Migration

Flickr/ Vicki DeLoach

Who is that happy bearded man sitting in a patch of goldenrod?

Chances are, it's author and naturalist Larry Weber.

(Oh, and don't get him started on goldenrod being blamed for the allergens of ragweed!)

Mario Klingemann/Flickr

Author and naturalist Larry Weber talks spiderwebs, continues to defend goldenrod from its undeserved reputation as an allergen, and warns against eating baneberry: "it is a bit nasty."

MagnoliaWarbler
Flickr // hjhipster

Skip work today.  Play hooky.

That's the word from Backyard Almanac's naturalist, educator and radio host, Larry Weber.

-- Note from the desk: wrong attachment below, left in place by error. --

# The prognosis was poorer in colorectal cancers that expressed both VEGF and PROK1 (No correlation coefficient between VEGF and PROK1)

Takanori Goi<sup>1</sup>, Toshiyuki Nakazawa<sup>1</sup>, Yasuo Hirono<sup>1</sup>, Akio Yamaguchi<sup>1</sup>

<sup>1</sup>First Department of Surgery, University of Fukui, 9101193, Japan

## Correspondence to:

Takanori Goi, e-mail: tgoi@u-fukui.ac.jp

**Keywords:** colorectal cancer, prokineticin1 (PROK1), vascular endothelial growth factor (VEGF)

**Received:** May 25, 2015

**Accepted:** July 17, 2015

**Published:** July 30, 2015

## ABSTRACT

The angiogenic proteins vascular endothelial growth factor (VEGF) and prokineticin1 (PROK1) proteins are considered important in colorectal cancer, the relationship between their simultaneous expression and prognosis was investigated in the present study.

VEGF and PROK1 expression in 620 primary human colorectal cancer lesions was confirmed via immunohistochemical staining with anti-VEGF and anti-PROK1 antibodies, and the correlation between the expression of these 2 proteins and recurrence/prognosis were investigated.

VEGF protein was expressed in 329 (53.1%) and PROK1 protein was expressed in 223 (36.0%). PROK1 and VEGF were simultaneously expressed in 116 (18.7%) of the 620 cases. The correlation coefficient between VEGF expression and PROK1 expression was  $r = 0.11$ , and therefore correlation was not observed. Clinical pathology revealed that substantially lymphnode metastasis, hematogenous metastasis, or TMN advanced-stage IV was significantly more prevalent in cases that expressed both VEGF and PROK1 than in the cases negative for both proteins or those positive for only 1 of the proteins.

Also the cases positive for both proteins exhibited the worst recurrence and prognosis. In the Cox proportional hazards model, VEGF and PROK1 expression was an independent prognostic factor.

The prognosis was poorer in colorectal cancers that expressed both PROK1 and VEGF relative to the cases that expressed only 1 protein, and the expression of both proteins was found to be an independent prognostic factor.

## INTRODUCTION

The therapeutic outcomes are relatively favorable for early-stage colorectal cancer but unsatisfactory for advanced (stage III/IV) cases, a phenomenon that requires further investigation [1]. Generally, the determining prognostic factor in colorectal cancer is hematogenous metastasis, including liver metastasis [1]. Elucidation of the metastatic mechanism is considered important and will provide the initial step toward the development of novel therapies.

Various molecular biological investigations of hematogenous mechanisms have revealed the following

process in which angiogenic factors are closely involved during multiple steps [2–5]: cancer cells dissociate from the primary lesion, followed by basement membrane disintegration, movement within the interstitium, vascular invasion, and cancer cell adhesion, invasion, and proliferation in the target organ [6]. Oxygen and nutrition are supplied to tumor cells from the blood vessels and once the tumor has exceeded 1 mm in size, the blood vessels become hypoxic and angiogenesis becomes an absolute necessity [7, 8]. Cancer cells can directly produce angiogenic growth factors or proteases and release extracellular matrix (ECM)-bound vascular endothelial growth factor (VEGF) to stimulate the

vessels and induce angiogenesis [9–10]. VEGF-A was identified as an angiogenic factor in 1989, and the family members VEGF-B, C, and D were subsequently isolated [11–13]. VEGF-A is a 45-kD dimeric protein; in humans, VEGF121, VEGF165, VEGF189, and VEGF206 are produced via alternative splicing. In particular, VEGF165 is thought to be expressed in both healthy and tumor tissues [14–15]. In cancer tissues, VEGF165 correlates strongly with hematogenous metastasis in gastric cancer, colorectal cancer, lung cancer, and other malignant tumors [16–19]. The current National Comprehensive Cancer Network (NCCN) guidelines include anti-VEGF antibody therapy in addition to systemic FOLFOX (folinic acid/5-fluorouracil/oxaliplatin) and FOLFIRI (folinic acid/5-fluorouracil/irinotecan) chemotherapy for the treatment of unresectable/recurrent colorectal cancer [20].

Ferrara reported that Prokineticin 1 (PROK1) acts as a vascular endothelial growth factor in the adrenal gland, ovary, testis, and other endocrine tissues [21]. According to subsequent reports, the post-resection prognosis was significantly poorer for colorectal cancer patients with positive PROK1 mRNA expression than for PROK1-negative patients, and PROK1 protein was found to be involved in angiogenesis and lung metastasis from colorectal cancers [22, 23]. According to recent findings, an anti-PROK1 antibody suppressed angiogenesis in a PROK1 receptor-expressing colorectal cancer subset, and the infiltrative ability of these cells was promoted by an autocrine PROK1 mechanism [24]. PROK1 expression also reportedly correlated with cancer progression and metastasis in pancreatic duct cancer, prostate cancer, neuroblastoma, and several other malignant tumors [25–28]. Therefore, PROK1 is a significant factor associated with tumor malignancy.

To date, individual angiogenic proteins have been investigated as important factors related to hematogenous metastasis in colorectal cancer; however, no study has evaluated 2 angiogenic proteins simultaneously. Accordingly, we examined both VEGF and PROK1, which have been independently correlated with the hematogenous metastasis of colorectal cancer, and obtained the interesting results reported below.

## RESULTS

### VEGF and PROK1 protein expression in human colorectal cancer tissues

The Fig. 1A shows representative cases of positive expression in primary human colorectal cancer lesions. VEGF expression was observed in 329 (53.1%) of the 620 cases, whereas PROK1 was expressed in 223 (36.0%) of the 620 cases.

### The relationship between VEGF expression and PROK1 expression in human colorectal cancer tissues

There are 26 species of warblers to identify, yellow lady slipper orchids to go in search of, red-winged blackbirds and black-winged red birds to enjoy, and "in addition to that", it's "toad time."

It took January, February, March and April to produce as much moisture as May has in two weeks.  Author, naturalist and educator Larry Weber tells us the difference it's making with the local flora and fauna.

Flickr/ Todd Pierson

Author and naturalist Larry Weber celebrated what he called Awesome, Adventurous April with a thundershower, a boom in migration and the biggest surprise: a leopard frog out and about on his lake.

http://mn.gov/indianaffairs/

On this episode of Ojibwe Stories: Gaganoonididaa, Larry Amik Smallwood talks about the history of the Mille Lacs Band of Ojibwe, including migration to the area, treaties, and histories of some of the ceremonial drums.

 

11/18 Ojibwe Stories: Gaganoonididaa - History of the Mille Lacs Band

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